The Common Experience theme for this year is all about the 1st amendment and the freedoms that come with being able to say and do what you want in the United States. Here at Texas State we value everyone’s opinion and our free speech area, (located at the Stallions statue in the Quad), embodies that every day. With such a strong theme as free speech who better than a journalist to come in and speak on the subject? Common Experience speaker and CNN Correspondent Soledad O’Brien spoke on Wednesday to the students of Texas State about everything from her career in the ever expanding world of journalism to her own college life.
Soledad started her education off as a Pre-Med major and thought she knew from the very start that she wanted to become a doctor. “I got into Television News because I didn’t want to go to medical school. I thought I was going be a doctor and then I realized I didn’t have a passion for it,” said Soledad. But that, Soledad says, is what college is all about it. She said college was about creating and finding yourself by getting out there and doing things that you’re not necessarily good at. Doing other things that are outside of your comfort zone, she says, is especially helpful when networking.
“I think college is supposed to be about creating a whole person so I think people do themselves a disservice when they just take classes and only take classes in the things that they’re good at,” said Soledad. “I think it’s a waste of 4 years if you don’t try to create new opportunities. It’s all part of the college experience.”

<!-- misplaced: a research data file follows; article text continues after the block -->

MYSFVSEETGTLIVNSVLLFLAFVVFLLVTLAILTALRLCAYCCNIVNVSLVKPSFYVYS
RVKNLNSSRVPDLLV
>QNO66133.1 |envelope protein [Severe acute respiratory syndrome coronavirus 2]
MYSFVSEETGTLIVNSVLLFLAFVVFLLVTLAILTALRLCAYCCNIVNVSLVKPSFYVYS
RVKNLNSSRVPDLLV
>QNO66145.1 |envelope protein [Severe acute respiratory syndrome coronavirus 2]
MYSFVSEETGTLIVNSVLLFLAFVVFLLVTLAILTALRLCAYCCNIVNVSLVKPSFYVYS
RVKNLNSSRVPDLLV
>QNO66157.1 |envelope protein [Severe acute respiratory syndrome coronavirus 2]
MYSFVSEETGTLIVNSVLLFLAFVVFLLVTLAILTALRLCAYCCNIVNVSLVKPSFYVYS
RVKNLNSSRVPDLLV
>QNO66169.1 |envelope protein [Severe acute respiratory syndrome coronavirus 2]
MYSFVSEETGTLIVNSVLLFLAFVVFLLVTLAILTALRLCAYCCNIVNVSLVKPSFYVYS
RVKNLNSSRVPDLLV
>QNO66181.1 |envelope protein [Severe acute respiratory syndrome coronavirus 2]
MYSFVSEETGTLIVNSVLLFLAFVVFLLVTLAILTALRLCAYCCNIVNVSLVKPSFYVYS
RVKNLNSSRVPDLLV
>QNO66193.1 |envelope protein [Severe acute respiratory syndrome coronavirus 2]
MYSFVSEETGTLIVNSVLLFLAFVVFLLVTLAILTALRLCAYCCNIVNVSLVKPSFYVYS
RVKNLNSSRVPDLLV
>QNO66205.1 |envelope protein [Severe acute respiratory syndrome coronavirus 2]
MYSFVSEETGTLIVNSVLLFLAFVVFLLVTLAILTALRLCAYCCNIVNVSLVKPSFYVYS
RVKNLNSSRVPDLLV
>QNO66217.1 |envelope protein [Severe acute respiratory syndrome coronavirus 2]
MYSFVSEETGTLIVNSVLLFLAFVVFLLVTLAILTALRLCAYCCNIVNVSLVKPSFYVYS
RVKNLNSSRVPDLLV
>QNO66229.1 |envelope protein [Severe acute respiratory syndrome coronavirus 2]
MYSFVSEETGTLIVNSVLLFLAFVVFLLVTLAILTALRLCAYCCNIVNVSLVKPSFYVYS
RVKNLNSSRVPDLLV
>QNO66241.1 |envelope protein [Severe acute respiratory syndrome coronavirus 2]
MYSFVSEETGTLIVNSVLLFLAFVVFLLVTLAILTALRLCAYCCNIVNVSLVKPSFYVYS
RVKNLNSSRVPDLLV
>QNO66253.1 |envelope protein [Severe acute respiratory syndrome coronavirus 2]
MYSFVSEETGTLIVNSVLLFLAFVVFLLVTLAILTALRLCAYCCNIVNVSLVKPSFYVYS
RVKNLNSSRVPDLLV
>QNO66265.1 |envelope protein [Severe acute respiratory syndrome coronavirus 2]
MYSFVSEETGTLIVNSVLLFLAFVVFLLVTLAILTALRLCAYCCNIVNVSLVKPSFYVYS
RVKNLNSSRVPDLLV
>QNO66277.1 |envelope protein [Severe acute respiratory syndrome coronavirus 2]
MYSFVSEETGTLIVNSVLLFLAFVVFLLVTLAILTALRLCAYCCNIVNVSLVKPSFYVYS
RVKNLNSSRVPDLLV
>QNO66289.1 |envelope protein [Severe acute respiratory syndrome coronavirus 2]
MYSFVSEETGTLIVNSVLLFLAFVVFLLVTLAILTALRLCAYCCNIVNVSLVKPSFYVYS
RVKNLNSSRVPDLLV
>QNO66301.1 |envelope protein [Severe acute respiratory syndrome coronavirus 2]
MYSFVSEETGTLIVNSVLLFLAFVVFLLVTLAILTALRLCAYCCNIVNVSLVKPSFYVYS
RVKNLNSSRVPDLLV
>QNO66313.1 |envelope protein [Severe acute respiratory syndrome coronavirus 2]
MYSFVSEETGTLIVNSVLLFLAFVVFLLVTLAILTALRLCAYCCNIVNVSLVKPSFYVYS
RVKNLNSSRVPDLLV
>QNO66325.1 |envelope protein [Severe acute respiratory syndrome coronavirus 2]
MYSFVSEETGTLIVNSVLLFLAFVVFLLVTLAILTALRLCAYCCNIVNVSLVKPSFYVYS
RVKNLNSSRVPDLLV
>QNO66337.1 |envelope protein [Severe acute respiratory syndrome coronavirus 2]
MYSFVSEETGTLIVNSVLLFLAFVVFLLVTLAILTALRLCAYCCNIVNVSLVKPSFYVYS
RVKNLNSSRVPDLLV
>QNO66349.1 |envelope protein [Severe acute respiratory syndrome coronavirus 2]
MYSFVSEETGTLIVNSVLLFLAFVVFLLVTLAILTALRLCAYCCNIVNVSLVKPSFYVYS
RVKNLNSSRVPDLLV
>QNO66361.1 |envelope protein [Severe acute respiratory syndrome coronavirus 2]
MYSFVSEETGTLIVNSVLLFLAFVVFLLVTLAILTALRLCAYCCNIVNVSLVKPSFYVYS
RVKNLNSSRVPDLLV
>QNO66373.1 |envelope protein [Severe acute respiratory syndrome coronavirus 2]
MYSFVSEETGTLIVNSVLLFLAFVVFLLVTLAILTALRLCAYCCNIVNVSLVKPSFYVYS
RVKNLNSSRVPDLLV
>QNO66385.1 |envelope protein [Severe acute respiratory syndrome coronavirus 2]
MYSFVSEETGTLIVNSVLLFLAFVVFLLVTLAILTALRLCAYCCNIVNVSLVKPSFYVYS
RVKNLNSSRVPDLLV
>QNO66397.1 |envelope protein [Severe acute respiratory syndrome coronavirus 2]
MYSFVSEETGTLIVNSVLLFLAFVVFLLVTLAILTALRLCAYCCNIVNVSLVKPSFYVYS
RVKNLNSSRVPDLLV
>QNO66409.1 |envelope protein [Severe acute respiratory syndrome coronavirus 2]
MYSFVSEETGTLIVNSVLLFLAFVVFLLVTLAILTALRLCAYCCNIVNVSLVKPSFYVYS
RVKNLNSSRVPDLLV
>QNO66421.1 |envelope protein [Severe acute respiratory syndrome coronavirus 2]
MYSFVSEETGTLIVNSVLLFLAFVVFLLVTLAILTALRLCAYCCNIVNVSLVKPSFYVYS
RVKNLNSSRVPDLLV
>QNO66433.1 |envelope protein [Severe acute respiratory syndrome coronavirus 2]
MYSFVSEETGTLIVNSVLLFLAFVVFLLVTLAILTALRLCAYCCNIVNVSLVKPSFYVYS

Though she dropped out of Harvard to take a job in a newsroom, Soledad still had quite the college experience before she worked her way up in the industry and became the media icon she is today. In college she was on a club track team and was also a member of Delta Sigma Theta Sorority, Inc. She also took her own advice and by attending a religion class that she didn’t need to take and it led to her meeting her future husband. She and her family are so serious about a college education that she and her husband have a scholarship fund in place for college students and they currently have 8recipients in school with one who just graduated this past year.
But being successful in college and eventually in a career, Soledad says, isn’t just about networking and getting out there, though it’s important. It’s also about those who inspire you and listening to yourself when it comes to being ahead of the game. Just being strong can make the difference.
“It’s even less about who you know it’s much more about deciding that for today you’re not going to give up,” said Soledad. “My mom is like a tough nut mom, and her philosophy was ‘Stop listening to people and figure it out for yourself because most of this stuff is very do-able.'”
Even great figures like Soledad started just like every student at Texas State, unsure and making it through by working hard. So sit by someone you don’t know, be sure of yourself, get out there and be that person who inspires everyone else if you must. The key is to look at college and life as an experience and, as Soledad said, “not a check-off box of doing all the right things.”